At Forrester’s Technology & Innovation Forum, Joe Cicman and I are revealing new research we’ve been working on that will help brands avoid irrelevancy and drive growth. It’s called experience architecture (XA), the technology strategy that the likes of Target, The Home Depot, and Starbucks use to deliver quality experiences to their customers and employees.
So what is it? Experience architecture is a technology strategy holistically applied to the total brand/enterprise experience — strategies, core technologies, services, and processes that power customer and employee experiences. It’s different from enterprise architecture because it goes well beyond the plumbing of back-end technical systems and equips technology and business leaders with a holistic approach to the seamless and continuous delivery of a brand’s expression of customer obsession.
One of the biggest challenges we have heard (or seen) from brands is the friction in the customer journey. When marketing hands off to commerce to support, there is a consistent duplication of effort and lack of continuity — anyone who has called customer service and had to recap their frustrations knows this! This is the product of technologies and processes that sit in silos and aren’t connected together with the customer experience in mind. Outdated enterprise architectures result in friction and unnecessary pain points, ultimately affecting the trust and loyalty to your brand.
Technology is of course an important piece of XA. We know from our research that customer-obsessed firms almost universally agree that they need to use technology to provide better customer experiences, but it goes well beyond the use of integrated tech.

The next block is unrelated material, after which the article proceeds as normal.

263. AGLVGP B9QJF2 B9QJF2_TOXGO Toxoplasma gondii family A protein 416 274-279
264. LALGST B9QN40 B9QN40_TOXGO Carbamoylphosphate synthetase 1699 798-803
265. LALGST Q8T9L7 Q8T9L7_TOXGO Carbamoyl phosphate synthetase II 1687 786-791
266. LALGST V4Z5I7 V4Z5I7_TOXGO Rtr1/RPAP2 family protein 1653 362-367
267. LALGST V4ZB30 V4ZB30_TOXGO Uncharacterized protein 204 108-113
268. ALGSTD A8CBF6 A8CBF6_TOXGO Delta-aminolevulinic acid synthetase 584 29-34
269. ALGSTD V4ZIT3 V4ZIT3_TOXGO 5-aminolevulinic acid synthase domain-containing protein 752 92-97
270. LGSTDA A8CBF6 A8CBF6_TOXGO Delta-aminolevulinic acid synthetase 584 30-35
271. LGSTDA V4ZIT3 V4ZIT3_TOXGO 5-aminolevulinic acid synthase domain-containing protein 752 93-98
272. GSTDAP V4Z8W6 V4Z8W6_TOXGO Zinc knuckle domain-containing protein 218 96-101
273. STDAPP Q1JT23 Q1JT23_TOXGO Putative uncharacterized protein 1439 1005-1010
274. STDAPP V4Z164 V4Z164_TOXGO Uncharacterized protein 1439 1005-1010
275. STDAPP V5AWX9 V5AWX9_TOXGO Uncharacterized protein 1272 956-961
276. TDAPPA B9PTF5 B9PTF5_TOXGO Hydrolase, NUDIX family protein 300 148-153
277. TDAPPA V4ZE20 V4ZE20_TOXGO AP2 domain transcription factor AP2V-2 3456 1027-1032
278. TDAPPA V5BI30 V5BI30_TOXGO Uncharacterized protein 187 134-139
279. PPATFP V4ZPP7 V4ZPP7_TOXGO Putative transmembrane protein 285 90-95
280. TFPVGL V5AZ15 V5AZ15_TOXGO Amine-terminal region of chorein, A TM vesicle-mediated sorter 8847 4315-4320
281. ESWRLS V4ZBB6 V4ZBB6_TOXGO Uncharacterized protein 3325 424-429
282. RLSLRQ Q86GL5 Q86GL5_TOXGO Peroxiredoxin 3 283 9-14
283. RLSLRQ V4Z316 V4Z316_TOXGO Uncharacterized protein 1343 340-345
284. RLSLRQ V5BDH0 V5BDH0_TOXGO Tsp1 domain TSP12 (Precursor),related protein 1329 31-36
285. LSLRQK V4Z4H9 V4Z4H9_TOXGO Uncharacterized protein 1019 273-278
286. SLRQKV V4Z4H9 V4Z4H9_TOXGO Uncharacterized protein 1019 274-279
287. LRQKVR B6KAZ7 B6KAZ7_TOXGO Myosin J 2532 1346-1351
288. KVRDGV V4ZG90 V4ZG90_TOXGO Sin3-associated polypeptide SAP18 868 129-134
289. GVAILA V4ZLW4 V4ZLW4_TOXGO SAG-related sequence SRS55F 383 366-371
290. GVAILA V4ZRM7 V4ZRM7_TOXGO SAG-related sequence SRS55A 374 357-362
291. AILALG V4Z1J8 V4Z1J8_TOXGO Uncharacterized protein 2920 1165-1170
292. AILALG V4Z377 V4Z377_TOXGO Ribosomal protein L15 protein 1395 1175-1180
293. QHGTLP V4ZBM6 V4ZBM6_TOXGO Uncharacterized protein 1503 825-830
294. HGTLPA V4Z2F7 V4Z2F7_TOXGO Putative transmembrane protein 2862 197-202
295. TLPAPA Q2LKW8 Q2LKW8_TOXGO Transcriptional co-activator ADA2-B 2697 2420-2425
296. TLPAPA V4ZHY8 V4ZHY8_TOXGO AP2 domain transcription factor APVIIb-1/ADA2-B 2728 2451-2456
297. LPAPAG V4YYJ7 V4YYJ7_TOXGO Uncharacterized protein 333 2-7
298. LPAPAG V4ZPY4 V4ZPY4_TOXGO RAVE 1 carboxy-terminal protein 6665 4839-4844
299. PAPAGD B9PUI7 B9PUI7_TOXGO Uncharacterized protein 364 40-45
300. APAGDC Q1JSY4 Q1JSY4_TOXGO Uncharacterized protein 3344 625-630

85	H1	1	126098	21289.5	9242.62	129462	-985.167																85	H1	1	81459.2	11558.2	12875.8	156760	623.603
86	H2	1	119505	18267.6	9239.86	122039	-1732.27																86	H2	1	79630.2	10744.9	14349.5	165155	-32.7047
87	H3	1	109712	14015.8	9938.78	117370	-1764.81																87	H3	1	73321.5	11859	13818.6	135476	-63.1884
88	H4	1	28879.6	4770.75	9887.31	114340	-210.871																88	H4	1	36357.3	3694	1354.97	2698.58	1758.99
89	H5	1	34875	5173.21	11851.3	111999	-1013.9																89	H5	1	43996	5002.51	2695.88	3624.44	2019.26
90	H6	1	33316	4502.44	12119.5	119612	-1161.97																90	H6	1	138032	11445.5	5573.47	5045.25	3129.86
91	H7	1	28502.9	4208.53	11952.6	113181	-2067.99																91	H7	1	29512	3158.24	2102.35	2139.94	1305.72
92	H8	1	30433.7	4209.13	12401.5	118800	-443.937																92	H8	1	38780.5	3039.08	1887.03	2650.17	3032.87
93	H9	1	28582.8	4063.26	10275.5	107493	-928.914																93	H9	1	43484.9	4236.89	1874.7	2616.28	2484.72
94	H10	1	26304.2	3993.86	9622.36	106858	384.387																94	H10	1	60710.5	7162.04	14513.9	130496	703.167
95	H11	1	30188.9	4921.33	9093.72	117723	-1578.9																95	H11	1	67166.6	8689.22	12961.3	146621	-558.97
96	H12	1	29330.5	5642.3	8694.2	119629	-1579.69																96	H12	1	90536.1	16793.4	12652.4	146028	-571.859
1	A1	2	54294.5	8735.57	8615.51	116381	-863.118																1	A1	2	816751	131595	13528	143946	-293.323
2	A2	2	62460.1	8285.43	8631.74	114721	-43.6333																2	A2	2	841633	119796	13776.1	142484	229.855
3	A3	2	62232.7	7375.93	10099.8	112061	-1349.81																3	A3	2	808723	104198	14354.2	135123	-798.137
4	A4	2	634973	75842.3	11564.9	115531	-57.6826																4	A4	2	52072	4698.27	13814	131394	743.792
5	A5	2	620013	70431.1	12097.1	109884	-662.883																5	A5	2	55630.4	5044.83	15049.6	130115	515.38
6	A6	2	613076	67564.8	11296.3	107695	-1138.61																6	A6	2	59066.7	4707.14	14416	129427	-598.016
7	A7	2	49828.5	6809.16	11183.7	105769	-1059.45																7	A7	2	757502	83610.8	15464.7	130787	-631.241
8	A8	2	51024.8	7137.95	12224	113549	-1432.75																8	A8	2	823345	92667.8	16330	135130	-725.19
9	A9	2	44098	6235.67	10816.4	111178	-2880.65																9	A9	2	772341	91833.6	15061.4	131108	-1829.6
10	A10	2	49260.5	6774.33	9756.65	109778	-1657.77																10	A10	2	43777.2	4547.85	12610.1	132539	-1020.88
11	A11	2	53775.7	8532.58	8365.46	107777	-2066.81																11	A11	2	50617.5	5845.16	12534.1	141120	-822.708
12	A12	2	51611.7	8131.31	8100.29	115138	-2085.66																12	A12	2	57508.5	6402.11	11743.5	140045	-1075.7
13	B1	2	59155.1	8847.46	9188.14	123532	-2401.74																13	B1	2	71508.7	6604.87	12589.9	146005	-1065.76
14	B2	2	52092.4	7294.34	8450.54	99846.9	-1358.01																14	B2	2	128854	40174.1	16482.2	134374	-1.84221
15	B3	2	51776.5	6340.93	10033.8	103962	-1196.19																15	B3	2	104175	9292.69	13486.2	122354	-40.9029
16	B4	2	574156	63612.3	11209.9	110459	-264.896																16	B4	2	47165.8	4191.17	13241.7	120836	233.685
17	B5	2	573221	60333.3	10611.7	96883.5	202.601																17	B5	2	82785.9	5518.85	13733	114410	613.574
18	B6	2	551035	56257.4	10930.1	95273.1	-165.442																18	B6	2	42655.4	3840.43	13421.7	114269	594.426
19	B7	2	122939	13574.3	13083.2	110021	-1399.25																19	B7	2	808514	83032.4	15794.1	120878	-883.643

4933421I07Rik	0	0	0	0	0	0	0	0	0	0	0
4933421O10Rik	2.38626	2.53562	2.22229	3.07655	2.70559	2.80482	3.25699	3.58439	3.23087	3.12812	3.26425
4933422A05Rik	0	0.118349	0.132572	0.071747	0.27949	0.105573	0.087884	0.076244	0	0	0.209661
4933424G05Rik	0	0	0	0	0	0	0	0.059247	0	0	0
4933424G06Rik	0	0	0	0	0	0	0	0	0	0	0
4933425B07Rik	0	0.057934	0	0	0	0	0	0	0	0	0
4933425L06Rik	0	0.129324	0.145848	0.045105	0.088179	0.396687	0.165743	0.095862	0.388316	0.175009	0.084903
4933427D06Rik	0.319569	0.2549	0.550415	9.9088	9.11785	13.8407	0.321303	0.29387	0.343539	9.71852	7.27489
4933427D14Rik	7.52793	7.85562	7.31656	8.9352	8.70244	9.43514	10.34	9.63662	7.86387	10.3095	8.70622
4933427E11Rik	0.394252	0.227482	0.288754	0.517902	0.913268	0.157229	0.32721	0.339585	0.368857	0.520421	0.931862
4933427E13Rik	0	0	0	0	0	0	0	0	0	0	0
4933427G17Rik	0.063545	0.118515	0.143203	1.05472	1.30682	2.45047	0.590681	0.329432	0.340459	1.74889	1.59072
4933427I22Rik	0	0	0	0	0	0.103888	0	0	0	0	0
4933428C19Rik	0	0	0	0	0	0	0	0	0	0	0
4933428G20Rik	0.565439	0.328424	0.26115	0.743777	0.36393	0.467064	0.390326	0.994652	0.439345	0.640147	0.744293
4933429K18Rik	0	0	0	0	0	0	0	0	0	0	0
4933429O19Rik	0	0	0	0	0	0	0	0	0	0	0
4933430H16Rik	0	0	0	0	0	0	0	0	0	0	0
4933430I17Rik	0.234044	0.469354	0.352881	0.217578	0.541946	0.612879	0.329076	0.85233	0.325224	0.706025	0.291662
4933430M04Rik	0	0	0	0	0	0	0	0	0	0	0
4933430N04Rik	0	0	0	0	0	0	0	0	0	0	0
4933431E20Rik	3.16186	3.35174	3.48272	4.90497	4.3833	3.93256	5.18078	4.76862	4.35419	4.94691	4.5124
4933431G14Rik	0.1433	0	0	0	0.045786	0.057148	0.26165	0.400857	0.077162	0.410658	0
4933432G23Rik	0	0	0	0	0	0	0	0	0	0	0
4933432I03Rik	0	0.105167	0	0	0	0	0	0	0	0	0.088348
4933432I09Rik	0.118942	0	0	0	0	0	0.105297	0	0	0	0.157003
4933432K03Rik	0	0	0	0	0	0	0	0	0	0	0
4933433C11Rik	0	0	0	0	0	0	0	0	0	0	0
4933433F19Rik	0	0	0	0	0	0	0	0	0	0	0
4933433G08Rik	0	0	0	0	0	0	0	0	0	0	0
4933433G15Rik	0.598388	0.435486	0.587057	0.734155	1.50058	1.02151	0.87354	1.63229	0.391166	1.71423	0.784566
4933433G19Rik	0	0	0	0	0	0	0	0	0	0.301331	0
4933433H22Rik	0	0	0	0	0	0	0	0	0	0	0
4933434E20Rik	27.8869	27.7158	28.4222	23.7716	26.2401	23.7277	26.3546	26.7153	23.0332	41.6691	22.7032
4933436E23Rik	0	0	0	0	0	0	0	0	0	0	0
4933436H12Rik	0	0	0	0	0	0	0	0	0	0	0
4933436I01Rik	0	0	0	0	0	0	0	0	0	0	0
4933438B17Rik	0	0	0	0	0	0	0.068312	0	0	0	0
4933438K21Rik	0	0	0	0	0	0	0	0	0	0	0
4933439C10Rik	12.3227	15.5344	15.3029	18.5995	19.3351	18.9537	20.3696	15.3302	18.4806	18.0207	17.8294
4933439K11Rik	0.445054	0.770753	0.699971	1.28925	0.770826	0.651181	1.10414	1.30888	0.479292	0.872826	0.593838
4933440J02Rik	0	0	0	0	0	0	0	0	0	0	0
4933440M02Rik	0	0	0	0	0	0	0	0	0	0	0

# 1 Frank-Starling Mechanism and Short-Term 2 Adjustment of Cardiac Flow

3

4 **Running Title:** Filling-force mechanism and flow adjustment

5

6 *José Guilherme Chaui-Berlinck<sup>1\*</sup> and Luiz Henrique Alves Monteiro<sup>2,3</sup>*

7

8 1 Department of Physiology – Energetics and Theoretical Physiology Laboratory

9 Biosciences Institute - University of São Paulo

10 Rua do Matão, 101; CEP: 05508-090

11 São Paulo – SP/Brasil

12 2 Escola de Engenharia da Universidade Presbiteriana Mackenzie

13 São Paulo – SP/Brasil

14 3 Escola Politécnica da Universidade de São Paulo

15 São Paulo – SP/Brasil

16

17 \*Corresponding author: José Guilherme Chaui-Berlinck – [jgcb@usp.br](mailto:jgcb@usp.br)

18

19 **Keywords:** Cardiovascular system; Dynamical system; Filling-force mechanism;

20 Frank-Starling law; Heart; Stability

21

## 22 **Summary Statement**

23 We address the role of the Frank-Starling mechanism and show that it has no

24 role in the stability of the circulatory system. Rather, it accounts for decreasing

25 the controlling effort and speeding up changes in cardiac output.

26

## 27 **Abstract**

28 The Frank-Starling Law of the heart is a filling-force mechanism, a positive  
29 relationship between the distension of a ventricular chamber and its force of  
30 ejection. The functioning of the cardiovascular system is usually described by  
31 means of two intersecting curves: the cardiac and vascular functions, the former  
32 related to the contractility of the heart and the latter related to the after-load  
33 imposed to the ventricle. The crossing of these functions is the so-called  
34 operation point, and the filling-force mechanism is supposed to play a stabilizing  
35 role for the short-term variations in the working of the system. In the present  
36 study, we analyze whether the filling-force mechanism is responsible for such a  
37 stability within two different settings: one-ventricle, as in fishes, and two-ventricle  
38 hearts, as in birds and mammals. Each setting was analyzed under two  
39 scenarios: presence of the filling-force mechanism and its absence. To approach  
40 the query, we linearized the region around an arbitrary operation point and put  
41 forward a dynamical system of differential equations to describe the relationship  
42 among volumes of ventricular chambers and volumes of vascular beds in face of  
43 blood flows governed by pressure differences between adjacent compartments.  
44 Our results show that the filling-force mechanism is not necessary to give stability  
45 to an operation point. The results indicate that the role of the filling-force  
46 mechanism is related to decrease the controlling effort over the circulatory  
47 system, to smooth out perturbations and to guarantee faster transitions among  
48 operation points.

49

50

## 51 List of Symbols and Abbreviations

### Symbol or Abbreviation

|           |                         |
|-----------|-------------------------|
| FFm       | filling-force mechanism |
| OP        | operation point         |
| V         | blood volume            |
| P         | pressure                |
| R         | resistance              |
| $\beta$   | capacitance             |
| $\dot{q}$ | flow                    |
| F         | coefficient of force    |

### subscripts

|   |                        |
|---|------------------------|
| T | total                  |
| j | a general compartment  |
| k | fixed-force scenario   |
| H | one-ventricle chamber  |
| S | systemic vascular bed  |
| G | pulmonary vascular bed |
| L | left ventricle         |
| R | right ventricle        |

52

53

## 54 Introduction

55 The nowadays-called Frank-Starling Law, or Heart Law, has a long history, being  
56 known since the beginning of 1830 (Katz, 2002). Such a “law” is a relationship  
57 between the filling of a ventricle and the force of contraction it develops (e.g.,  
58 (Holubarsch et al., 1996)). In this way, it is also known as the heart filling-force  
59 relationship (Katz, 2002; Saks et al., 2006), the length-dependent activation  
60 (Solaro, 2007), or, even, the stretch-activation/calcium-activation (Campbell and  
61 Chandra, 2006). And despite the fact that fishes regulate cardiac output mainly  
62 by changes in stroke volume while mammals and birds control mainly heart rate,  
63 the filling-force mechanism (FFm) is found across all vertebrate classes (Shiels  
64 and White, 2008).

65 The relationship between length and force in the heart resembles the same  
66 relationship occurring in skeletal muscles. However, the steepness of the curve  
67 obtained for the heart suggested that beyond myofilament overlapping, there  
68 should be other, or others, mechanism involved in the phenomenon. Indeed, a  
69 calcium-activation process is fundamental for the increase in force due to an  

The Home Depot’s CEO calls it an interconnected experience. Since customers pick up half of all online orders in the store, XA has to do more than just connect the technology systems to support the handoff between commerce and the order management system. It has to enable collaboration and communication between supply chain employees and digital teams to develop a seamless mobile experience that integrates local physical inventory within the mobile app. The Home Depot and other brands rely on XA to enable them to compete against digital natives such as Wayfair.
There’s no one-size-fits-all approach to XA. You’re also not going to buy it from a software vendor; rather, you build and practice XA. It requires looking across the customer lifecycle and bringing together marketing, commerce, service/support, supply chain, and more to work in service of your customer, rather than in siloed teams or buckets of technologies. The below graphic is how we think about XA today. Again, it goes beyond the point solutions of technologies and meets customers and employees in the channels and on the devices they use today or will use in the future.
So what’s the benefit of adopting XA? Growth, differentiation, and elevated levels of customer experience, to start. Firms also become more adaptive and resilient to the next business challenge or disruption. We’ll be sharing more data during our Technology & Innovation Forum session, Unlock Enterprise Creativity With Your Experience Architecture. Please come join us.
(Kate Leggett and Kara Wilson contributed to this blog post.)